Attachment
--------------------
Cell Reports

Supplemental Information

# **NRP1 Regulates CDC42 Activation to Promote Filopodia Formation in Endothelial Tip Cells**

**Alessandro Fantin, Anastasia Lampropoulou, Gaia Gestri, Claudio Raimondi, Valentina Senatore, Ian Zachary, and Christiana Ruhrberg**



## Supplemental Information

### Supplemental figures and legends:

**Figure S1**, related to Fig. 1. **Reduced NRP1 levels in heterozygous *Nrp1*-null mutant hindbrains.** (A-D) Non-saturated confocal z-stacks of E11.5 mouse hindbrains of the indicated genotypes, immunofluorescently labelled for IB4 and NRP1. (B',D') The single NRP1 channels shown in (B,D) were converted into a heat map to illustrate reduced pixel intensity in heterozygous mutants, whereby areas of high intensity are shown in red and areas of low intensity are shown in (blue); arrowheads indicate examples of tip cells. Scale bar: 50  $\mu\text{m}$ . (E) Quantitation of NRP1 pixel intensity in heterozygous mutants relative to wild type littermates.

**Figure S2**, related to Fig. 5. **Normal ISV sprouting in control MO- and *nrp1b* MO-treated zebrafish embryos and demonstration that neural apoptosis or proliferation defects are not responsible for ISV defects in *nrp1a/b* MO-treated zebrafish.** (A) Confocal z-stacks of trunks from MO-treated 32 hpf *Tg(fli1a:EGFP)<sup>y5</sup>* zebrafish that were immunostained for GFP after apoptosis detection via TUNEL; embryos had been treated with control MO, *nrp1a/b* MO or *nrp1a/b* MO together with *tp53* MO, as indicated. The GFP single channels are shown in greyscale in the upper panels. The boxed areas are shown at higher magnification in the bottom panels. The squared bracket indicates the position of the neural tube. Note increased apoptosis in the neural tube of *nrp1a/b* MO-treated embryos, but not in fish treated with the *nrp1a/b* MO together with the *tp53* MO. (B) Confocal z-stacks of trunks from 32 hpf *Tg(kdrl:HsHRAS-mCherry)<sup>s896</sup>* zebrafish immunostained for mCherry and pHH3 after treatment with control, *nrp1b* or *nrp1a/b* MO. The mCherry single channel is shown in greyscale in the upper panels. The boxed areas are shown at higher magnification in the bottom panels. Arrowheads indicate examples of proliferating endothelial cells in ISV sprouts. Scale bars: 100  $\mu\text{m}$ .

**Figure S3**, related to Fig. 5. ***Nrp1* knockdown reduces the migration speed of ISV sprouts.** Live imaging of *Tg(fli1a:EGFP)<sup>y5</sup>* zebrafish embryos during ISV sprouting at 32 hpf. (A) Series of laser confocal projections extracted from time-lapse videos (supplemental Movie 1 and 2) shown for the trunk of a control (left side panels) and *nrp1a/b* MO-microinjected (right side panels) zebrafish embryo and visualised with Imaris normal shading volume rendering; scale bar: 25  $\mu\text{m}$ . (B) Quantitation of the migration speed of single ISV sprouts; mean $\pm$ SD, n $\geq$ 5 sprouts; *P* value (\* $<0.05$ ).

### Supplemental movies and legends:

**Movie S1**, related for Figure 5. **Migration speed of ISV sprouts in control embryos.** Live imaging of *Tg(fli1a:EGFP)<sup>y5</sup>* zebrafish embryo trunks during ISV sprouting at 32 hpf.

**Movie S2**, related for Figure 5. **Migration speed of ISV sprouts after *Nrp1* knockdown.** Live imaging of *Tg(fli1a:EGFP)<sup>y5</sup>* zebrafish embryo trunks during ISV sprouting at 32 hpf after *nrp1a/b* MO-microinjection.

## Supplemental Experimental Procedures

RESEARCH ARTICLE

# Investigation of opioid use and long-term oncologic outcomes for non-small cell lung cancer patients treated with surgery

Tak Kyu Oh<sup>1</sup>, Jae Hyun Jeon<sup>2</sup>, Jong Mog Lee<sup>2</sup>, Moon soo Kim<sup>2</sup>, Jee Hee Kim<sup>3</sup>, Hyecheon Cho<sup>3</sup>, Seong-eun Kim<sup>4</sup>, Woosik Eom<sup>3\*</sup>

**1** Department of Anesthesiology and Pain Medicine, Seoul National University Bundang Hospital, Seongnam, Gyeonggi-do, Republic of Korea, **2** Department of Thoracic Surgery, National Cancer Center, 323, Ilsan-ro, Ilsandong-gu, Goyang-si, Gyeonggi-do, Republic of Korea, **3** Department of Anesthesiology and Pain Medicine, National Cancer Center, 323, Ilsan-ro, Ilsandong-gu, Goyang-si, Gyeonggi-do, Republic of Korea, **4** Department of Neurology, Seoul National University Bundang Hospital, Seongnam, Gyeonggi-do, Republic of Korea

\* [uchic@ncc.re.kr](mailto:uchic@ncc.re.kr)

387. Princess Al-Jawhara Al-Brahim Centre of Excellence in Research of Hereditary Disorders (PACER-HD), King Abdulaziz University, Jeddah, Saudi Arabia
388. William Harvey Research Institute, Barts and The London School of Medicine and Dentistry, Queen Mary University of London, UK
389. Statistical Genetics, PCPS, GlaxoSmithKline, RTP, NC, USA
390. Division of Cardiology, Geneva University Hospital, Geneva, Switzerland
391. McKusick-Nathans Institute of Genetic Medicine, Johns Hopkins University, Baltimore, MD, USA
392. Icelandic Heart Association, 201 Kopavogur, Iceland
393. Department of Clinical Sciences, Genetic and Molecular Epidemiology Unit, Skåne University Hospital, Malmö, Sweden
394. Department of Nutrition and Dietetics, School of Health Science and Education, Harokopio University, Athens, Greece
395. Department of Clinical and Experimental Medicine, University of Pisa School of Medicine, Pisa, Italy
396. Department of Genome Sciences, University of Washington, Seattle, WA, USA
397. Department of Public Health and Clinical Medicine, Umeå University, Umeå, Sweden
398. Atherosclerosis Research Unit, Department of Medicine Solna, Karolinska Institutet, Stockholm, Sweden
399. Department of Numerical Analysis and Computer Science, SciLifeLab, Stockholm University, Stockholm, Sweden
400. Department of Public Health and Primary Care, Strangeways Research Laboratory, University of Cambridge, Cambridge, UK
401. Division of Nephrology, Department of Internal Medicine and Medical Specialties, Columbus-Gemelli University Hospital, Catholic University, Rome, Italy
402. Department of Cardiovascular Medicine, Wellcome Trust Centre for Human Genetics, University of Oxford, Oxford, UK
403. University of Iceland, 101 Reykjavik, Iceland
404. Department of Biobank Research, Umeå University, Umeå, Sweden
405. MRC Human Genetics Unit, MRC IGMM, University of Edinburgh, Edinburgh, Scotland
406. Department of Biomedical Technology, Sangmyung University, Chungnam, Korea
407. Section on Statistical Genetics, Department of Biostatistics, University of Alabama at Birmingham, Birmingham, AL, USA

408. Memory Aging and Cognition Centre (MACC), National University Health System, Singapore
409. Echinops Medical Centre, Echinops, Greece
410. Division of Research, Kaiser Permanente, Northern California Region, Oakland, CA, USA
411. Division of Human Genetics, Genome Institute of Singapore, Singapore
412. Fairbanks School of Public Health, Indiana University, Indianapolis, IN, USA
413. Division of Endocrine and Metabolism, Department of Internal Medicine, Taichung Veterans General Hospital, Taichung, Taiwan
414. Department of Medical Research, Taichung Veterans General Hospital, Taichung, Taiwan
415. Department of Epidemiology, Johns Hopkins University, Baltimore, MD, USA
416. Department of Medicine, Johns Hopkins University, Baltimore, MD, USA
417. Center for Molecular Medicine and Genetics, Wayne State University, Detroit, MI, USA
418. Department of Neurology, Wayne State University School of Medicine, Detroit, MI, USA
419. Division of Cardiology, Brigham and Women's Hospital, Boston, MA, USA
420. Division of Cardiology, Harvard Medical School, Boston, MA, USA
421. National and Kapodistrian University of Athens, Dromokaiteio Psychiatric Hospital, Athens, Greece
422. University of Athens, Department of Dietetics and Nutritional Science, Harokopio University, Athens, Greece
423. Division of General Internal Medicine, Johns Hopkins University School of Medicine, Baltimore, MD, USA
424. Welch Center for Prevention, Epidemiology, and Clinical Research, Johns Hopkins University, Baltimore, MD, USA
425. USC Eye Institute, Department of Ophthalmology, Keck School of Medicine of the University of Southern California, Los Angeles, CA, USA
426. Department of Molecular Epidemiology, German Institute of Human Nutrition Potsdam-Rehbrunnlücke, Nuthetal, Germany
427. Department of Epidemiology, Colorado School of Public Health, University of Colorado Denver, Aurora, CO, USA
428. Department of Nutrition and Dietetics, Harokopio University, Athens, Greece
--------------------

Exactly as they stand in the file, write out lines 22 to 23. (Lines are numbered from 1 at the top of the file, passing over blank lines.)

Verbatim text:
390. Division of Cardiology, Geneva University Hospital, Geneva, Switzerland
391. McKusick-Nathans Institute of Genetic Medicine, Johns Hopkins University, Baltimore, MD, USA